Is this selfish? Is this sinful? I give a resounding no, and wonder why I even need to be asking these questions.
I think these questions come to mind because teachings on Christian community say little to nothing about this strange category we fall into. So often, we are lumped into a category of individuals who choose to forsake Christian community for sinful or selfish reasons. The Christian messages around me have always taught community to be an essential part of the Christian life, and I would either be obedient to participate or disobedient if I did not. The message was that anyone who chooses not to attend church or community groups or service opportunities is drifting, not serious about faith, and not following God’s command to be a part of a body of believers. No one ever mentioned this third category I now find myself, at times, falling into.
The first time I felt that someone acknowledge this predicament was when I read the book Life Together, by Dietrich Bonhoffer.. Even better than acknowledgement, he reminded me that even Jesus was unable to participate in community during many seasons of his life on earth as he lived among enemies, wandered in the wilderness, and suffered alone on the cross.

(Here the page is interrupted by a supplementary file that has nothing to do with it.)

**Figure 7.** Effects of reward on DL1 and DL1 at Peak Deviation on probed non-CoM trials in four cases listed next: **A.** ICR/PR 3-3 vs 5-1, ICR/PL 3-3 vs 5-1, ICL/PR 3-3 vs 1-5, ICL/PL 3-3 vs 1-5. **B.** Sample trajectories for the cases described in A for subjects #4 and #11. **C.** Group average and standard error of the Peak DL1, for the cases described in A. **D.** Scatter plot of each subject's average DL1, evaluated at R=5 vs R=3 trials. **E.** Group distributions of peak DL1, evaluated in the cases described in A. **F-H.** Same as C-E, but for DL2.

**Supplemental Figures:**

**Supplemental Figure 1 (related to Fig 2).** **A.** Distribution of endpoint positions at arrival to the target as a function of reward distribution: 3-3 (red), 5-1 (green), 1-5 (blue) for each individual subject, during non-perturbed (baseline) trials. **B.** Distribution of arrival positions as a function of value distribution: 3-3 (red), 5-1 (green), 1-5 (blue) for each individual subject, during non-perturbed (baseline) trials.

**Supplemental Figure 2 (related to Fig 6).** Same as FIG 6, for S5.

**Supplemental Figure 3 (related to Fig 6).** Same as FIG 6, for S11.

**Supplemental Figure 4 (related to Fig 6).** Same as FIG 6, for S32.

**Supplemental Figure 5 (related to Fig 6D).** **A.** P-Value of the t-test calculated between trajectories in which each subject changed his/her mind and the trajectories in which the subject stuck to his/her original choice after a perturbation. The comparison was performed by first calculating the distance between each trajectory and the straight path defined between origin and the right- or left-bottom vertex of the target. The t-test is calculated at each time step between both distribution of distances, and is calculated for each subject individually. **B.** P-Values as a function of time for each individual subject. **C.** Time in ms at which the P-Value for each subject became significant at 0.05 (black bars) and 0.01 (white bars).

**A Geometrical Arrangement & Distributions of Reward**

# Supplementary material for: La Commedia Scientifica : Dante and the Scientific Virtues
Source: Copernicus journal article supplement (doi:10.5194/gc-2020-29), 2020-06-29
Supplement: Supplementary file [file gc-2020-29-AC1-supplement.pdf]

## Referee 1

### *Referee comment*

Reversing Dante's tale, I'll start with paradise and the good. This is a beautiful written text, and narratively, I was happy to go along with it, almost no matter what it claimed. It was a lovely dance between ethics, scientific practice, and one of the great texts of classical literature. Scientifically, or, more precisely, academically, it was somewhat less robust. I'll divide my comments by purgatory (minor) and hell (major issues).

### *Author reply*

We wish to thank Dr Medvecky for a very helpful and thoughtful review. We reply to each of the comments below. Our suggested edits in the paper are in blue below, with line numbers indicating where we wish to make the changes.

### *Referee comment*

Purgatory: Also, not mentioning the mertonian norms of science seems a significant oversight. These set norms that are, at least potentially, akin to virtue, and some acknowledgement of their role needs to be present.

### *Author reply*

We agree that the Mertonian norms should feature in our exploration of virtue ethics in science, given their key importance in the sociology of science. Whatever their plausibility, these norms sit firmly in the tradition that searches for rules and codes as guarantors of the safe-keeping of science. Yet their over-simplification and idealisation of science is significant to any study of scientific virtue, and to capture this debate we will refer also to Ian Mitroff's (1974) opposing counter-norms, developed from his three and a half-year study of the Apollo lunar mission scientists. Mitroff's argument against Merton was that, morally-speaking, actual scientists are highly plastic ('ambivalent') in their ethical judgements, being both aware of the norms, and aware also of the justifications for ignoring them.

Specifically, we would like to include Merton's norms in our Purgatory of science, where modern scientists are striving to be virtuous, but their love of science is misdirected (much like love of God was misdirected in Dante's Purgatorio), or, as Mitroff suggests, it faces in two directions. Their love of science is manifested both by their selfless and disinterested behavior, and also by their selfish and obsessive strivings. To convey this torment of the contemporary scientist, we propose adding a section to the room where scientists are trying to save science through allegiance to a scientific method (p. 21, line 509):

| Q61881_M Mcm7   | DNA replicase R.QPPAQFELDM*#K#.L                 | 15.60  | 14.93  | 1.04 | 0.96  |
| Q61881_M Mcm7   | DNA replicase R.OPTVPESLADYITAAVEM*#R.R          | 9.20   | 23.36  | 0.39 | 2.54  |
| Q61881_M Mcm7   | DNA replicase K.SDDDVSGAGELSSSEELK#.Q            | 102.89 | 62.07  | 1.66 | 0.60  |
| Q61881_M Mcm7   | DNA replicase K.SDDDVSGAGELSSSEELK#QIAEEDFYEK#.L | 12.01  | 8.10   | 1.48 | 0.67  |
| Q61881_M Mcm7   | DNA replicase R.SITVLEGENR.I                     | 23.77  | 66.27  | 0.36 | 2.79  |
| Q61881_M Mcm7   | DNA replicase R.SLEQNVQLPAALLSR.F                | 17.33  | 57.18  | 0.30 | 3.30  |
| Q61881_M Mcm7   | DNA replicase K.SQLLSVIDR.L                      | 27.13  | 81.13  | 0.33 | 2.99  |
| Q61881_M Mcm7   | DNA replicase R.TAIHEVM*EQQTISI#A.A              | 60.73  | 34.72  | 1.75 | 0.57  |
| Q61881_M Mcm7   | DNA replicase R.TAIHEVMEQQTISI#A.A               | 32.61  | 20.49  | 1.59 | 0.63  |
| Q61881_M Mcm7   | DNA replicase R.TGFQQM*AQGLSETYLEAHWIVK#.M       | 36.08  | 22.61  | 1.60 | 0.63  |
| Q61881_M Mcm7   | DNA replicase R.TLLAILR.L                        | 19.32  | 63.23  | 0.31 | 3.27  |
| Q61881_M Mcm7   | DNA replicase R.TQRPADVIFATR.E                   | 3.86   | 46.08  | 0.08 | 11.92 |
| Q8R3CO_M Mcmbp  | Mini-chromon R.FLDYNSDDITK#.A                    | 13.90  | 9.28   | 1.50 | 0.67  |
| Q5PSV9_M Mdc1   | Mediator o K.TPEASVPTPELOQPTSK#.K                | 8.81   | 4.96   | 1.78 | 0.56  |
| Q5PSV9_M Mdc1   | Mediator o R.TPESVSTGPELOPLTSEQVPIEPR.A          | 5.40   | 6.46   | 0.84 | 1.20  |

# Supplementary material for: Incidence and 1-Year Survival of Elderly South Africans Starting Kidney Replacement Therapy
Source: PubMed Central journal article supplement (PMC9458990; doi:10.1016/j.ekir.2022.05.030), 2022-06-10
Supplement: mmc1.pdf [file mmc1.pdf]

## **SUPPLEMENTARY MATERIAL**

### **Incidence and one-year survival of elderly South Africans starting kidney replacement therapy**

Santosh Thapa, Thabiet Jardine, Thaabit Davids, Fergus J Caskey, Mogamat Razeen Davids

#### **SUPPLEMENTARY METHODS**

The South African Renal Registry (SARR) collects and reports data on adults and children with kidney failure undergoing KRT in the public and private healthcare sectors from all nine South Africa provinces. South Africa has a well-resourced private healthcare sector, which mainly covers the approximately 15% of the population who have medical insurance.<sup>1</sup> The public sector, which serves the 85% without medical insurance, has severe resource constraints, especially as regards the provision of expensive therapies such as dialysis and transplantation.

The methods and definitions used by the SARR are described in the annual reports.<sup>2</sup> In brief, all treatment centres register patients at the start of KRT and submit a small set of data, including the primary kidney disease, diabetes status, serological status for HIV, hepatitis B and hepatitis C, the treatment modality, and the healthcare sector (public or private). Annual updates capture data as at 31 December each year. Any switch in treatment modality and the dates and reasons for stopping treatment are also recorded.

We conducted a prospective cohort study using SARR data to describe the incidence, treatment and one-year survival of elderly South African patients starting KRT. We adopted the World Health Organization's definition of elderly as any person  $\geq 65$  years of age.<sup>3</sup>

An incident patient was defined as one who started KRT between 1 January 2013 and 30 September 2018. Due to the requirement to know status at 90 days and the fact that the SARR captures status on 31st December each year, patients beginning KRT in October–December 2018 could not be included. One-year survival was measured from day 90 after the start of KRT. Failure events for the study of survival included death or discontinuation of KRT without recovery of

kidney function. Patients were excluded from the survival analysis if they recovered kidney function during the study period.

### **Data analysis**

“It is easily forgotten that the fellowship of Christian brethren is a gift of grace, a gift of the Kingdom of God that any day may be taken from us, that the time that still separates us from utter loneliness may be brief indeed…It is grace, nothing but grace, that we are allowed to live in community with Christian brethren.”
Recognizing community as a gift of grace and not a given in our lives does not make us long less for the fellowship of believers, but it does ease our guilt and calm our fears that tell us perhaps we are sinning. It helps us respond to those who urge us to “just try harder.” It helps us know that there is grace to make the choice to drop out of Bible study when we need to and skip church when we become physically incapable of continuing to make the trip each week. Community is a gift and not a given.